• a report on the Special Programme to support institutional strengthening at the national level for implementation of the BRS Conventions, the Minamata Convention and SAICM (SAICM/OEWG.3/INF/12); and
  • a report of the Global Environment Facility (SAICM/OEWG.3/INF/13).

The African Group, Iran and Canada supported the integrated approach to financing, but with the African Group and Iran advocating for the CRP they co-sponsored with GRULAC SAICM/OEWG.3/CRP.2). The African Group expressed interest in addressing innovative financing as well as enhancing the involvement of regional financial institutions. The EU agreed that the integrated approach to financing is crucial and added, supported by Switzerland, the need for the increased involvement of industry in financing.

Iran stressed the importance of prioritizing technical criteria, instead of political and other criteria, for cooperation with the GEF. He said that using other criteria to judge partnerships on GEF funded projects only harms the environment in the end.

Canada added that there is a lack of information available to evaluate the integrated financing approach properly and that funding could be expanded beyond the environmental sectors. The US, also in support of the integrated approach, asked for more project and results information to be made available on the SAICM website.

IPEN said that there are currently funding limitations for civil society organizations involved in the process, and suggested that perhaps small grants from the GEF and others, could be made available to these organizations.

Planned Activities and Draft Budget of the Secretariat for the Period 2019-2020

On Wednesday, the Secretariat introduced a report on its activities, staffing, and budget for the period 2019-2020 (SAICM/OEWG.3/8), noting that the budget included a provision for a temporary associate programme officer to the end of 2020 and a possible fourth IP meeting in early 2020. The EU asked the Secretariat to give more detail on the need for a new position. The Secretariat stated that at its current capacity it has been difficult to keep up with the work load. The US supported the additional position.

Delegates approved the budget.

Preparations for the Fifth Session of the International Conference on Chemicals Management

On Thursday, President Sahler noted Germany’s offer to host ICCM5 in Bonn, Germany, from 5-9 October 2020. She said ICCM5 would not only take key decisions regarding the Strategic Approach and the sound management of chemicals and waste beyond 2020, but also celebrate all SAICM has achieved since 2006. She called for ending on a high note after 14 years of SAICM.

Delegates then watched a video message from German Federal Minister of the Environment Svenja Schulze, who noted that the UNEA4 resolution on sound management of chemicals and waste and the GCO II report provided lessons learned, underscored the need for better links between science and policy, and underlined the importance of sustainable chemistry. She pledged that Germany would do everything in its power to provide the medium for ambitious decisions to bring stakeholders into a new era for the sound management of chemicals and waste.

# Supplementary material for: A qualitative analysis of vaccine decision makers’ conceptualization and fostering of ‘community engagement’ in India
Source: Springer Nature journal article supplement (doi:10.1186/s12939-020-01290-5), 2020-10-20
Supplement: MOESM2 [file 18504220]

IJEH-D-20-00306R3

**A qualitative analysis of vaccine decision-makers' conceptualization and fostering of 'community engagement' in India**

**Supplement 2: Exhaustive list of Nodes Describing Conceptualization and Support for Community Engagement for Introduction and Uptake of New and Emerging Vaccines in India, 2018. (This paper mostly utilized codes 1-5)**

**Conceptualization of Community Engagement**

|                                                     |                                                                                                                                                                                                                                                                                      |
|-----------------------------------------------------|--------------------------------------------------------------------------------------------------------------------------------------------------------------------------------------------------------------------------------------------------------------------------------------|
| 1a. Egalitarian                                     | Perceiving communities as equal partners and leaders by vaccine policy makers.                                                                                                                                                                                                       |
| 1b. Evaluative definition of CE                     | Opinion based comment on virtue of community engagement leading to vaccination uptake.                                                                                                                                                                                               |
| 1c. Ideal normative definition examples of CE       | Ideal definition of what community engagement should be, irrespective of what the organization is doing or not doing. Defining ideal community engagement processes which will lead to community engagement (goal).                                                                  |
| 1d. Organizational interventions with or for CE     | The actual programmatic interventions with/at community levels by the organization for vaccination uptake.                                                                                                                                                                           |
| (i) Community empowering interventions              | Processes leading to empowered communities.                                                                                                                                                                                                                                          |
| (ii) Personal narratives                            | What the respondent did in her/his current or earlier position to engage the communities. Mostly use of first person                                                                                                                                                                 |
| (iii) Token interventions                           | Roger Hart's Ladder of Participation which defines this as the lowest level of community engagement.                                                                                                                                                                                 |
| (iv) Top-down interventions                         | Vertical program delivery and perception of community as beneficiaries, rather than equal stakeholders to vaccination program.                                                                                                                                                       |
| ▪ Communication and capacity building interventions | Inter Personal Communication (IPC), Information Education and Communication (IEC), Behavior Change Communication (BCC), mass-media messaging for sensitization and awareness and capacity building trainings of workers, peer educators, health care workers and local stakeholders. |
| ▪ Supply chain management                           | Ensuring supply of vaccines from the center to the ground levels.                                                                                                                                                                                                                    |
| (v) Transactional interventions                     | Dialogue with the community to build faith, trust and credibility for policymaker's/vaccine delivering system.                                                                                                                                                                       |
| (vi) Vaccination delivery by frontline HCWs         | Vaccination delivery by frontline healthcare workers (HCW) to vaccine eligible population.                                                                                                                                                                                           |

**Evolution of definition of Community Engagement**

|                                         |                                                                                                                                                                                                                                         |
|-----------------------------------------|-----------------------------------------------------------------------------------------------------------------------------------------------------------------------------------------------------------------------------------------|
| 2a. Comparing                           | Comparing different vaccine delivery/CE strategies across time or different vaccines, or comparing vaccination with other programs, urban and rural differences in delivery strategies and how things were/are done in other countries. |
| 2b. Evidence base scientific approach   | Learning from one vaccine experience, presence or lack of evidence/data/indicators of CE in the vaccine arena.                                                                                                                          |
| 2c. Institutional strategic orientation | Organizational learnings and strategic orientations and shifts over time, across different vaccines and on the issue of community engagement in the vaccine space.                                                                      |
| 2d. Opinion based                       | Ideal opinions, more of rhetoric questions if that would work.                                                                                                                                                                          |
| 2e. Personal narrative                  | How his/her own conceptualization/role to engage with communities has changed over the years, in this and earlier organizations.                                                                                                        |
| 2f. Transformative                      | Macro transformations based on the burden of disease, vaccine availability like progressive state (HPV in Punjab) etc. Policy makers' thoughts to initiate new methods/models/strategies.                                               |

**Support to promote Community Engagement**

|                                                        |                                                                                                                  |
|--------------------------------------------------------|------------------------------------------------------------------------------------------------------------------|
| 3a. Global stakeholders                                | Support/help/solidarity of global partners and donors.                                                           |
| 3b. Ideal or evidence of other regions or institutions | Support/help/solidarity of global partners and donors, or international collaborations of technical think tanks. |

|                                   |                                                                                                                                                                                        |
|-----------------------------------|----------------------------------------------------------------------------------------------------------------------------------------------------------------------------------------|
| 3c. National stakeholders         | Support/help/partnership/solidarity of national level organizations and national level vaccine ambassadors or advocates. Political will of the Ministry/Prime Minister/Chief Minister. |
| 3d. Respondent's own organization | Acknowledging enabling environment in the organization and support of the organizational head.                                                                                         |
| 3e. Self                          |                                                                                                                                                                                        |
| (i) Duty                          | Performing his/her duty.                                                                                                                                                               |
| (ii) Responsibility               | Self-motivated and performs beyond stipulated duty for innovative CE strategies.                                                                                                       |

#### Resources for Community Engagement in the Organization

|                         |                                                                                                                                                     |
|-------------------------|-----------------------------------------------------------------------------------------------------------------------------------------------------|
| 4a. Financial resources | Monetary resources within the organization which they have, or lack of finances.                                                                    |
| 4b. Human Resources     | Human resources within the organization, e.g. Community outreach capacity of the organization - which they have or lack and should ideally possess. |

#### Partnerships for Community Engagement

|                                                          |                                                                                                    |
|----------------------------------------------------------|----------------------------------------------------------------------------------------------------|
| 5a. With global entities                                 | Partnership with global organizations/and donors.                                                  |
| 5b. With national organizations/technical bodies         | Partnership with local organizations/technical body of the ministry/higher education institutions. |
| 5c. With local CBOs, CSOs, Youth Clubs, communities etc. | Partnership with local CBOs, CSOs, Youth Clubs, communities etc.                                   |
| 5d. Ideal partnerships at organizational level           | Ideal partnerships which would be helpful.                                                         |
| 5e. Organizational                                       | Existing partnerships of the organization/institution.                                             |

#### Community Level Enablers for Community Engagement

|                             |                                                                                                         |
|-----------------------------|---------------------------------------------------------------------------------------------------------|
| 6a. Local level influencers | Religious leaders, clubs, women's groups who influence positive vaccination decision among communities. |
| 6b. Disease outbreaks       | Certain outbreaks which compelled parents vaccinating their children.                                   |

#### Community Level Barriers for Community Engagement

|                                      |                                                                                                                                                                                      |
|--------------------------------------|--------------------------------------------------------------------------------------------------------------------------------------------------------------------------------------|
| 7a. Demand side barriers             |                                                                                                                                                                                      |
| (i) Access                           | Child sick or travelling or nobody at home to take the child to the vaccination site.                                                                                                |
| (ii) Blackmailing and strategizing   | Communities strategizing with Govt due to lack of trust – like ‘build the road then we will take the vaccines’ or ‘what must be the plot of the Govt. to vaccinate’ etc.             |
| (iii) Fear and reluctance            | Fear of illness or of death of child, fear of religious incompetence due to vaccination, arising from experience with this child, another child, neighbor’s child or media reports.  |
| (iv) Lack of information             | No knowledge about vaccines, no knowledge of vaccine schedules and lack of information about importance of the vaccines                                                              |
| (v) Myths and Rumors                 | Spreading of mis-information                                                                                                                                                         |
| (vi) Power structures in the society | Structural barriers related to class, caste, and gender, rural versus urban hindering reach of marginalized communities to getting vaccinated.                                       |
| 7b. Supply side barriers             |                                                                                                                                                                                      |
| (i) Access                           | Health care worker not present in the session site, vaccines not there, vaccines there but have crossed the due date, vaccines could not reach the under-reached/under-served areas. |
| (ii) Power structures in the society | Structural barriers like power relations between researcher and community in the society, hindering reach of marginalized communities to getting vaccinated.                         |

The Secretariat introduced its note on preparations for ICCM5 (SAICM/OEWG.3/INF/14).

The UK announced that it plans to host an expert meeting in London just before IP3 to develop technical indicators on the sound management of chemicals and waste to recommend for consideration at ICCM5.

Several delegates thanked the German government for hosting ICCM5. The US welcomed the UK initiative on indicators. IPEN noted that the Secretariat’s document only addressed organizational arrangements for ICCM5 and not what stakeholders want or expect out of the meeting. She called for explicit mention of a High-Level Segment resulting in a Ministerial Declaration. President Sahler assured delegates that the High-Level Segment will aim at raising the profile of chemicals and waste, most likely through a Ministerial Declaration. She urged all stakeholders to work hard to get their high-level participants involved in preparing for ICCM5 and urged countries to host regional meetings in August and September 2020 to help prepare for the Conference.

Closing Session

On Thursday afternoon Rapporteur Domagalski introduced the draft report of the meeting (SAICM/OEWG.3/L.1 and SAICM/OEWG.3/L.1/Add.1). The report was adopted with some amendments to better reflect interventions by the US on the OOG progress report and by Norway regarding PFCs.

Argentina noted the conference room paper (CRP) on financial considerations that includes, among other provisions, the establishment of a new fund and encouraged all stakeholders to continue working on the proposal, reiterating its view that the fund is not intended to be an additional burden but rather will enable SAICM to capture funds that are already being mobilized for other purposes.

IPEN said many of the ideas presented during OEWG3 will move the process along, such as the application of the polluter pays principle and lifecycle approach, setting time-bound targets for EPIs, and automatically requiring consideration of possible legally binding measures if EPI targets are not met.

The EU encouraged the mainstreaming of the sustainable management of chemicals and waste into all sectors and for UN agencies to enhance support of SAICM. The Asia Pacific Region reiterated the need for technology transfer and financial support for developing countries as this would help with implementation. The African Group urged the robust involvement of the private sector as a key stakeholder and mentioned the conflict of IP3 with the Stockholm Convention’s Persistent Organic Pollutants Review Committee (POPRC).